The bill, S 2003, also narrows the list of offenses that can lead to prosecution as an adult, keeps some prisoners in juvenile custody until age 21, ends solitary confinement as a punishment and restricts the duration when it is used as a safety measure.
New Jersey is one of 21 states that directs its juvenile courts to focus on rehabilitation, using language from the Balanced and Restorative Justice movement. The movement focuses on three primary interests: public safety, accountability to victims and the community as well as developing skills in offenders so they can have productive and law-abiding lives.
The bill takes effect seven months from signing. Some juvenile justice organizations are hoping New Jersey’s reforms will prompt other states to follow.
Melissa Sickmund, the director at the National Center for Juvenile Justice, singled out New York, which treats 16- and 17-year-olds as adults no matter the offense.
“What a huge difference between what side of the river you’re on," she said.
S 2003 isn’t the only juvenile justice reform originating from New Jersey. On Aug. 5, Sen. Cory Booker, D-N.J., the former mayor of Newark, introduced the Mercy Act, which has been sent to committee. It would end solitary confinement for juveniles in federal custody besides brief “cooling-off periods.” Those confinements would last no more than a few hours and only in response to a behavioral issue that posed serious and immediate risk to themselves or others.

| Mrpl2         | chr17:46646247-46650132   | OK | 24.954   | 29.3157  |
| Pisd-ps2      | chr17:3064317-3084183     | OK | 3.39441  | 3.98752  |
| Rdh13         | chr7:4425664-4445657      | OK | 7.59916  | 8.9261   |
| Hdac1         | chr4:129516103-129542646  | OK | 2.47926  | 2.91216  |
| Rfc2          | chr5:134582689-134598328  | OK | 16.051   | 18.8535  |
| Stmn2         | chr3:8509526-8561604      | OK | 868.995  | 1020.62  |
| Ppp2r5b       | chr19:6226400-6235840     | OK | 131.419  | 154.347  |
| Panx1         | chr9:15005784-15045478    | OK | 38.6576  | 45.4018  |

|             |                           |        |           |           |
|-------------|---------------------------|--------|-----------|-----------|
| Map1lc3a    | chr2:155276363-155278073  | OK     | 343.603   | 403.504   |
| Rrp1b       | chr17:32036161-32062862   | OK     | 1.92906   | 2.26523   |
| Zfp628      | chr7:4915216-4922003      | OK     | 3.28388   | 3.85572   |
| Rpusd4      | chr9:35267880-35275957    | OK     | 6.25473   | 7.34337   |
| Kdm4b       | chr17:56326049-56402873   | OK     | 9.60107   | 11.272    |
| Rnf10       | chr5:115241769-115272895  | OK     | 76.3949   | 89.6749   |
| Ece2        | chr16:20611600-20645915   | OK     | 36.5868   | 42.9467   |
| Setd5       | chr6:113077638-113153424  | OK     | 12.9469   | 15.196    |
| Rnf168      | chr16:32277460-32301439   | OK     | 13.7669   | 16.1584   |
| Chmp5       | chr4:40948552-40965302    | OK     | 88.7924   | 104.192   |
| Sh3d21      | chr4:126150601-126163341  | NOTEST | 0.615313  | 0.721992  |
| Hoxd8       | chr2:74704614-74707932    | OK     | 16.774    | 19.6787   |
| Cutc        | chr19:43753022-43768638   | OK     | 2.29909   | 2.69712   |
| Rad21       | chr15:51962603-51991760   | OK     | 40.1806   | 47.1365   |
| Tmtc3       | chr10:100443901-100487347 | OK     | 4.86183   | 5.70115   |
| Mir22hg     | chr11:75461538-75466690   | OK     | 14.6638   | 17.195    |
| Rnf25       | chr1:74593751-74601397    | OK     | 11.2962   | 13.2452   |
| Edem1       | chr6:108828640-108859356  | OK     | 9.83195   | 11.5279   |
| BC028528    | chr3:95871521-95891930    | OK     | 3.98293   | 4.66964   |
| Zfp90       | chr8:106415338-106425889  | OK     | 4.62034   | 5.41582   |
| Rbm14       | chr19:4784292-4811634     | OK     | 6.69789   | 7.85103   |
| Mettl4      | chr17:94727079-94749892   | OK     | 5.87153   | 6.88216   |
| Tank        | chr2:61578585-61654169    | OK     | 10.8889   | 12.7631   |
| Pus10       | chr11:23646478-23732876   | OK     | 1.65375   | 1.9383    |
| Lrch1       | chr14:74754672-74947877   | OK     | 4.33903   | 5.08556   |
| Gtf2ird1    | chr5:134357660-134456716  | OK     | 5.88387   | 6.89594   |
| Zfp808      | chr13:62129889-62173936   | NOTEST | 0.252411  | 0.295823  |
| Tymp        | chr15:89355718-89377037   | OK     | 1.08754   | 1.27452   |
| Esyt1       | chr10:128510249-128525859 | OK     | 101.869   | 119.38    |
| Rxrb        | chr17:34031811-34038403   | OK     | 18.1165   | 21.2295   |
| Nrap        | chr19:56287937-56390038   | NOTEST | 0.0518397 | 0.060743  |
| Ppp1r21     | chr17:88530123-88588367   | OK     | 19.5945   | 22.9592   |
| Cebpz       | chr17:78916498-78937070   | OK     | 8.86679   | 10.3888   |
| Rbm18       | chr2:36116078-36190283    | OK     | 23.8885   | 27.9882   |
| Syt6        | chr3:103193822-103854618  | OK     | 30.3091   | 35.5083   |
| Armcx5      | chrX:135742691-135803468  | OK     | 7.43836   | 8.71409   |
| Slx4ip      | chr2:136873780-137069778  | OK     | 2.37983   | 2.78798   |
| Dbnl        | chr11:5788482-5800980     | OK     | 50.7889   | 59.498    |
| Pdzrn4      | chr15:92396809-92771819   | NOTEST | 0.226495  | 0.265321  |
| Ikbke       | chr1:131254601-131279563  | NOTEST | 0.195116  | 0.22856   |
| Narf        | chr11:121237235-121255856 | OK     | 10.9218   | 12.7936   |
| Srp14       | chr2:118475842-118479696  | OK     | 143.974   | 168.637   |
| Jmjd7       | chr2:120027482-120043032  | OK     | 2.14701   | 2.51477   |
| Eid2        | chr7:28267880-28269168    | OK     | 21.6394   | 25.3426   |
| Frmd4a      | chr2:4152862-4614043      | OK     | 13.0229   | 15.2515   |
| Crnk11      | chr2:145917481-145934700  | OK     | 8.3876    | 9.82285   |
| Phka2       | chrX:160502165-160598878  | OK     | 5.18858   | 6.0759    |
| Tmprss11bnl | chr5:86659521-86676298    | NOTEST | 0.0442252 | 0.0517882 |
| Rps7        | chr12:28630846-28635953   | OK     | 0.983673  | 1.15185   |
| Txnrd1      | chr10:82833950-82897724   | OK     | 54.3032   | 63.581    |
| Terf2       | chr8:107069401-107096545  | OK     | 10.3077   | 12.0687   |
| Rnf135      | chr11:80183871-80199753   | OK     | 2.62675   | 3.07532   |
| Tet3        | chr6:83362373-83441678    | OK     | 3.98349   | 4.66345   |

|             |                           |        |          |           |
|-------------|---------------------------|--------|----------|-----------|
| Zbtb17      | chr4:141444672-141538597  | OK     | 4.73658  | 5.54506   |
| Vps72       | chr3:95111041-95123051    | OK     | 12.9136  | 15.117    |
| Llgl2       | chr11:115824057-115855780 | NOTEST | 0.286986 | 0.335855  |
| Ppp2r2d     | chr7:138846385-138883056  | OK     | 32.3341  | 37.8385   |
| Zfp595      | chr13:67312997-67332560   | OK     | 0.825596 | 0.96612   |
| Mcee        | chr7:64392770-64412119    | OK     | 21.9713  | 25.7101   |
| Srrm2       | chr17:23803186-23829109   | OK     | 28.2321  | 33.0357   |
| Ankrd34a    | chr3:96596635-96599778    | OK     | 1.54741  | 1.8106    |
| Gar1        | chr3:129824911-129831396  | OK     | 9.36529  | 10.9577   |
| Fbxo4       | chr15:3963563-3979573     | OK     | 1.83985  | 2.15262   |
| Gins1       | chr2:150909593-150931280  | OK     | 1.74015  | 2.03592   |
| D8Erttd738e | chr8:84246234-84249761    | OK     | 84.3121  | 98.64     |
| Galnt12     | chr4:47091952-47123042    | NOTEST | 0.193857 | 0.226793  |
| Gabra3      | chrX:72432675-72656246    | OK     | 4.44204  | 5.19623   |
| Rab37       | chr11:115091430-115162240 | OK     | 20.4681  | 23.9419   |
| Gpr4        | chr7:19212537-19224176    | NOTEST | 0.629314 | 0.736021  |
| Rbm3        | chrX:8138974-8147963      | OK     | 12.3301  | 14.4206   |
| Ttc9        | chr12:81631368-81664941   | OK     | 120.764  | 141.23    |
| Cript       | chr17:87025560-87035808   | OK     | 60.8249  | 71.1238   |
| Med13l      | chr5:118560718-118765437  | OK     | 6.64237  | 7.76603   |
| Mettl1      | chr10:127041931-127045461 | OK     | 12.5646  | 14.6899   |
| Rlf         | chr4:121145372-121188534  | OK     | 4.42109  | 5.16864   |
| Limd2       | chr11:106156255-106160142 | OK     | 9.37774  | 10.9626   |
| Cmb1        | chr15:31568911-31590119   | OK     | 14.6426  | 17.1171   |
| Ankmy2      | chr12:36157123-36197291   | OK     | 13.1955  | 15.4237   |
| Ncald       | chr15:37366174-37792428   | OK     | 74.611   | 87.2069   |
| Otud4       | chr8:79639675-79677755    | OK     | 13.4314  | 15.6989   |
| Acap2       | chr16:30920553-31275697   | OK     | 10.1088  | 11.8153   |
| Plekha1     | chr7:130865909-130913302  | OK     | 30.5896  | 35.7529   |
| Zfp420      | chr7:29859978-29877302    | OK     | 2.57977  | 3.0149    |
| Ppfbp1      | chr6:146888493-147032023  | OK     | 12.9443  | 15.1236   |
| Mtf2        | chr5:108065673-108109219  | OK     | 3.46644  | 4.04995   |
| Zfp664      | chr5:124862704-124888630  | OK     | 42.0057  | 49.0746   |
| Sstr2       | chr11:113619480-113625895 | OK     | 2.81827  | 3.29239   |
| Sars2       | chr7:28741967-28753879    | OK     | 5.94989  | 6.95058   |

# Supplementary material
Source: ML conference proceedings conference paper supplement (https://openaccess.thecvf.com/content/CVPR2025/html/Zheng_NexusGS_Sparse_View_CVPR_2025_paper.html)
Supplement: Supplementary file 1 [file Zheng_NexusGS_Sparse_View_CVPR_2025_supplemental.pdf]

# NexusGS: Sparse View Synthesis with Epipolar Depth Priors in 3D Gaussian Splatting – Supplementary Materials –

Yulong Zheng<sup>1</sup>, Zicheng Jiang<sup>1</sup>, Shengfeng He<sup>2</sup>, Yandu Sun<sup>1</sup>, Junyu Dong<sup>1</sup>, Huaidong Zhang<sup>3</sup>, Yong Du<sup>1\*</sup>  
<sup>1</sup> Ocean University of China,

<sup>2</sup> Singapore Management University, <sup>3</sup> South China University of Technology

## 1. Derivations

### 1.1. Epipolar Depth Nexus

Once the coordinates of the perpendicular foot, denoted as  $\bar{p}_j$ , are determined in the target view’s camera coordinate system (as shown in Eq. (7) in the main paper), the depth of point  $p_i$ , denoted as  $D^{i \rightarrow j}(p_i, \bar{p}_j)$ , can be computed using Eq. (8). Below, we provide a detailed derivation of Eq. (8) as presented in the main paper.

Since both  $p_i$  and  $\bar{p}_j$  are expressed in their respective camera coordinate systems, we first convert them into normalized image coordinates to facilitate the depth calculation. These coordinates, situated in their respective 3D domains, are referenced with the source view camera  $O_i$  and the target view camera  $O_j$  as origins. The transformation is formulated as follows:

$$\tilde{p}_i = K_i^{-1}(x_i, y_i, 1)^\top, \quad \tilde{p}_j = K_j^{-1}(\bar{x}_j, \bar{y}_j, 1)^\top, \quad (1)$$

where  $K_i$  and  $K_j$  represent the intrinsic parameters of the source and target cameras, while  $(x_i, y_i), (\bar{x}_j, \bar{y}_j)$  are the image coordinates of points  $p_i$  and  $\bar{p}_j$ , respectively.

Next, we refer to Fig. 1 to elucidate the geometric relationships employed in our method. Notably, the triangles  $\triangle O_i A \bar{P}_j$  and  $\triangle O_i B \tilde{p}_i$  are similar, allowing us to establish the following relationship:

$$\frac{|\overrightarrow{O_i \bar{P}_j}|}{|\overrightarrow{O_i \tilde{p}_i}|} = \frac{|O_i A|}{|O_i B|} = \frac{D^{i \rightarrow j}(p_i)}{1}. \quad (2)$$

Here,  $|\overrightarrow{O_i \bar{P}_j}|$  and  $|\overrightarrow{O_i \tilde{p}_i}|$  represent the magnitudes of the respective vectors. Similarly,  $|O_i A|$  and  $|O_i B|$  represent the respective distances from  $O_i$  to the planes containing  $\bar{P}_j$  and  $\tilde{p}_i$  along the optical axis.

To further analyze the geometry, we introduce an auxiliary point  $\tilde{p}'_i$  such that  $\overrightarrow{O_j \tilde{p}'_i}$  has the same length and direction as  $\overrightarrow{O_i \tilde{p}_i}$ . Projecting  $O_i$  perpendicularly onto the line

Earlier this year, Booker co-sponsored the Redeem Act with Sen. Rand Paul, R-Ky. Among other criminal reforms, it would encourage states to keep those under 18 out of adult jails and seal records of 15-year-old and younger nonviolent offenders. It has also been sent to committee.
The S 2003 bill, first proposed two years ago, originally tried to prevent juveniles 15 and under from going to criminal court. According to a study by the National Center for Juvenile Justice, only 1.6 percent of juveniles getting waived to criminal courts were 14 nationwide. In New Jersey between 2007 and 2015, only eight 14-year-olds were waived to adult courts. For 15-year-olds, there were 49 instances.